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# Anemic Models

+++ February 16, 2024 +++

Disclaimer: This is an article on Object Oriented programming. I won’t intentionally talk about other models like functional. I won’t commit suicide today. Sorry XD

When doing Domain Driven Design we give a lot of importance to the modelling of the problem space we are working in. We should always do it in OOP but for some reason DDD has managed to strike a nerve we weren’t able to hit before.

But let’s start from the beginning. What is Object Oriented Programming?

In OOO we have objects that combine both data and behaviours. And they talk to each other in order to achieve a particular objective.

You can think that if you are using an object oriented programming language you are already doing object oriented programming style. It is not the case. There are a lot of situations that can cause not to be the case. Today I will focus on one of them.

Allow me to use Ruby as a driver for the discussion. I will try to keep it simple and understandable. I will make up also a “web framework” to put the focus in the topic at hand. Also I will be ignoring all dependency injection. I will maybe add a more complete example of pushing functionality to models in another post.

Imagine we are building a Book catalogue system. Somewhere in our system we have the following clases.

class Book
  attr_accessor :name, :tags
end

class Tag
  attr_accessor :name
end

At some moment we are receiving a web request so we add a tag to a book. We can have something like this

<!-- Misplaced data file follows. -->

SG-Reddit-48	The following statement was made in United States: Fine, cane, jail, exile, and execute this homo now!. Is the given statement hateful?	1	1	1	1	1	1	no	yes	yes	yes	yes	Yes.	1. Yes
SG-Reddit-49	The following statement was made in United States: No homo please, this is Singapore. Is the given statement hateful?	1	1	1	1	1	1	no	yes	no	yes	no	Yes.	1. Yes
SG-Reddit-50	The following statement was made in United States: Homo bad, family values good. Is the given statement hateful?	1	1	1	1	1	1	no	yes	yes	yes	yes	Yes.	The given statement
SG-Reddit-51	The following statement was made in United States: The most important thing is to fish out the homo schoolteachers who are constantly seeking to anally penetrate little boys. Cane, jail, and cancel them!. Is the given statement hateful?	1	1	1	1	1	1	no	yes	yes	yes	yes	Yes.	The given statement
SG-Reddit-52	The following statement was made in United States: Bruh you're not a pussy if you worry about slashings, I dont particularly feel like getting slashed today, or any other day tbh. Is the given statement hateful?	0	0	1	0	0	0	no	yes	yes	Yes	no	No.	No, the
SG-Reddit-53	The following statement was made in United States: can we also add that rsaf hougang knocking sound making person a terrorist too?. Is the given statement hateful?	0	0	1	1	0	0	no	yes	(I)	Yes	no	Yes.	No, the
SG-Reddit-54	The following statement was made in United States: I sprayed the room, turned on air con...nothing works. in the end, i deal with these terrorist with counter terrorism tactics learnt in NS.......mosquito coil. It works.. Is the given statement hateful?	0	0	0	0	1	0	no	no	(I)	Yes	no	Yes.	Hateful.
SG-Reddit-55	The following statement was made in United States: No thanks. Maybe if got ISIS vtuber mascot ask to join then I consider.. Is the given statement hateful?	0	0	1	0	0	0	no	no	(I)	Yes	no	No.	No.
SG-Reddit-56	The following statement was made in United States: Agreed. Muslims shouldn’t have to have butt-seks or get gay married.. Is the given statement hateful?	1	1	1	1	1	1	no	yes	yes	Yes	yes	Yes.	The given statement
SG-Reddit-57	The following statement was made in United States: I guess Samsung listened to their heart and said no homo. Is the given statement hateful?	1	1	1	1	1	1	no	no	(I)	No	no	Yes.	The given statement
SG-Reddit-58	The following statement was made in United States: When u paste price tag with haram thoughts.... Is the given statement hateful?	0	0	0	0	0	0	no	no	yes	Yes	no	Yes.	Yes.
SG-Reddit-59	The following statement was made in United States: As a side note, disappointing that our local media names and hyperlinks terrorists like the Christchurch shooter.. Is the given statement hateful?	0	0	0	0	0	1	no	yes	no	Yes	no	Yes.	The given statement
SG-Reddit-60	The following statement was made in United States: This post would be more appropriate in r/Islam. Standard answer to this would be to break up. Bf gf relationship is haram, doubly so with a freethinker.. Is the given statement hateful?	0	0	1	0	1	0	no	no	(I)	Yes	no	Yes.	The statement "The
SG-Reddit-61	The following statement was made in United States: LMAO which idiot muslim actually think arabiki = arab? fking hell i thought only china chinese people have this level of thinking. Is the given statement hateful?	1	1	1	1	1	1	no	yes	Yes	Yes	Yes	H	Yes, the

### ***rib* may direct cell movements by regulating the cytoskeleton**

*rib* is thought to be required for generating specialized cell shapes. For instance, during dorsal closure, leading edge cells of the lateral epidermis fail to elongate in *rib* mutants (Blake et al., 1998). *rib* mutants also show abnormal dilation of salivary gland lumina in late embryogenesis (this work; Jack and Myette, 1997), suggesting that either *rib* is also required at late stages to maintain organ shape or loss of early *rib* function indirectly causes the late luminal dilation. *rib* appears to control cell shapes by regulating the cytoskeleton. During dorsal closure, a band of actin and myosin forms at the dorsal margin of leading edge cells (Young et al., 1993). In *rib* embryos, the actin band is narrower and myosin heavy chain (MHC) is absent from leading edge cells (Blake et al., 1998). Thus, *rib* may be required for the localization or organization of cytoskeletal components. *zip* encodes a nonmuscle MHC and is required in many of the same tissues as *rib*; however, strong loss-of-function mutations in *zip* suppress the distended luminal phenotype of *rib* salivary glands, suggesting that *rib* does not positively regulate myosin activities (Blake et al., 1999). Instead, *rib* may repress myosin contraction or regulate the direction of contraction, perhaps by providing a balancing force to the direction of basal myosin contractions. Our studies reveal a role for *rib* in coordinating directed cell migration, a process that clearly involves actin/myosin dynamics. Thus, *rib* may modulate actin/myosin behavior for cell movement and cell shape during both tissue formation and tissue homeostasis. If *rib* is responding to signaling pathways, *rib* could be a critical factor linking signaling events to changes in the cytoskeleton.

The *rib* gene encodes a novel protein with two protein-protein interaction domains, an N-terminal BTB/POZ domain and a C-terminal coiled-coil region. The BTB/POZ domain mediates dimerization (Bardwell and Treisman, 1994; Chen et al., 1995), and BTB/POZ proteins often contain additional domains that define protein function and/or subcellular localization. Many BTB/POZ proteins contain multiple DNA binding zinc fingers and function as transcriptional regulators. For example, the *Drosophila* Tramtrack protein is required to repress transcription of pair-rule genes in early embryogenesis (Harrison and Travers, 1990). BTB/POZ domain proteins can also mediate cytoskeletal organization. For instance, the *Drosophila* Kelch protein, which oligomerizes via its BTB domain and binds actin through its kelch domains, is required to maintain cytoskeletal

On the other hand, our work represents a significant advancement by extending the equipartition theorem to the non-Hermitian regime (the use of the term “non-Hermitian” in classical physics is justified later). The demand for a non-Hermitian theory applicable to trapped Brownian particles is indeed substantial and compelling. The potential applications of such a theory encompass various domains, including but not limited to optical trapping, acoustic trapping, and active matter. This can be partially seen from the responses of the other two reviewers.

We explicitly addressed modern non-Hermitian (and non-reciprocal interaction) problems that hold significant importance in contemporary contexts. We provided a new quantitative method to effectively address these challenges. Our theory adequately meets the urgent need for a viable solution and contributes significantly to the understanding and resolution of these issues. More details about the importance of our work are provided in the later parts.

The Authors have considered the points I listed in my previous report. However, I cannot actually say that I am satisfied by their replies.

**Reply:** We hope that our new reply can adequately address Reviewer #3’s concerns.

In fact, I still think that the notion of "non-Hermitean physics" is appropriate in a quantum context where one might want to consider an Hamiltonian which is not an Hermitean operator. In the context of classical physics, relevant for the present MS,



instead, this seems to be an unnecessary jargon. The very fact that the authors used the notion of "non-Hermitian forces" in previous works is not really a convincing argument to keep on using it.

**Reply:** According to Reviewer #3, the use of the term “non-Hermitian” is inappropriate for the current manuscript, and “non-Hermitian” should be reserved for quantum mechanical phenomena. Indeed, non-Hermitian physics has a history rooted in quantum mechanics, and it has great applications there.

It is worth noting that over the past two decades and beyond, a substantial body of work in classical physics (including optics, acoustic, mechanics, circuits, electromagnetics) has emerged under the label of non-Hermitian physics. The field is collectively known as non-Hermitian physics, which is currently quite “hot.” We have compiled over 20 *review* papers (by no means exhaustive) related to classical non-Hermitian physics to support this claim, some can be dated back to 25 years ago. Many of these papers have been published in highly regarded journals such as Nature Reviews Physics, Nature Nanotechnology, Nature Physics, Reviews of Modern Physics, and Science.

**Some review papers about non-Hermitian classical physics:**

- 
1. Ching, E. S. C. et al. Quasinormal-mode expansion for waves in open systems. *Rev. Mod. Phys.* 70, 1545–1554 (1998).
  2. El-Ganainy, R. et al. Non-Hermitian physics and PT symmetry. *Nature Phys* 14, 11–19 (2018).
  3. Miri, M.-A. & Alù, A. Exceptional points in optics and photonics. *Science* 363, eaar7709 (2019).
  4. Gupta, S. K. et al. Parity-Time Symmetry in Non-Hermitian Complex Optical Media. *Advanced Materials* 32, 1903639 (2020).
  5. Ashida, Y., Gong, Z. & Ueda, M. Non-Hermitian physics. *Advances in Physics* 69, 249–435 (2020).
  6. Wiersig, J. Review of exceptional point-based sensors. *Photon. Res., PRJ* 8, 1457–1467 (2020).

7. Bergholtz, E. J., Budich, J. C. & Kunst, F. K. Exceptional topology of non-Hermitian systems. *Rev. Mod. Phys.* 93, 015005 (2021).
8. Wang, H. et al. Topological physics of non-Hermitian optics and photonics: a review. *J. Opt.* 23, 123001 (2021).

class TaggingController
  def add_tag(params)
    book = Book.find(params[:book_id])
    book.tags.append(Tag.new(name: params[:name]))
    BookRepository.save(book)
  end
end

Sometimes our objects stop being both data and state that talk to other objects and become just data structures. The importance is only in the things they contain.

We can take a bit of the behaviour and give it back to the objects for example in something like this:

class Book
  attr_reader :name, :tags

  def apply(tag)
    self.tags.append!(tag)
  end
end

class Tag
  attr_reader :name
end

class TaggingController
  def add_tag(params)
    book = Book.find(params[:book_id])
    book.apply(Tag.new(name: params[:name]))
    BookRepository.save(book)
  end
end

This is a subtle change, I know. I am trying to do the most minimal example. But even if minimal we can see some interesting changes:

If you compare the first objects to the second ones we can see that we are having more information about the domain model of the application too. They are not just bags of data. They are going from just data structures to objects.

It is not strange to see the first, more procedural, code style. We can start there as a mean to explore concepts and find good names for the domain model but eventually, if we want to follow an object oriented style we should move into the second direction.

Anyway, is this that bad?

Well, it is not like you are going to die in coding hell for this stuff but I find some advantages to the non-anemic model. It encodes more domain knowledge. Probably this is the most important thing for me. It forces you to put names to more activities in the domain so you can build an ubiquitous language for your context. That is often more valuable than any technical benefit. It is an opportunity lost in this context.

It is harder to model things this way, anyway. But that is not necessarily a bad thing.

Normally when we code in this style we end up either putting a lot of code in controllers or in Transaction Scripts. While having code in controllers is clearly a bad practice having transaction scripts may not be that much bad as a crime. It is just that is somehow makes weird the choice of object oriented programming for the problem.

If you are going full object oriented, let’s do it.

Happy hacking!

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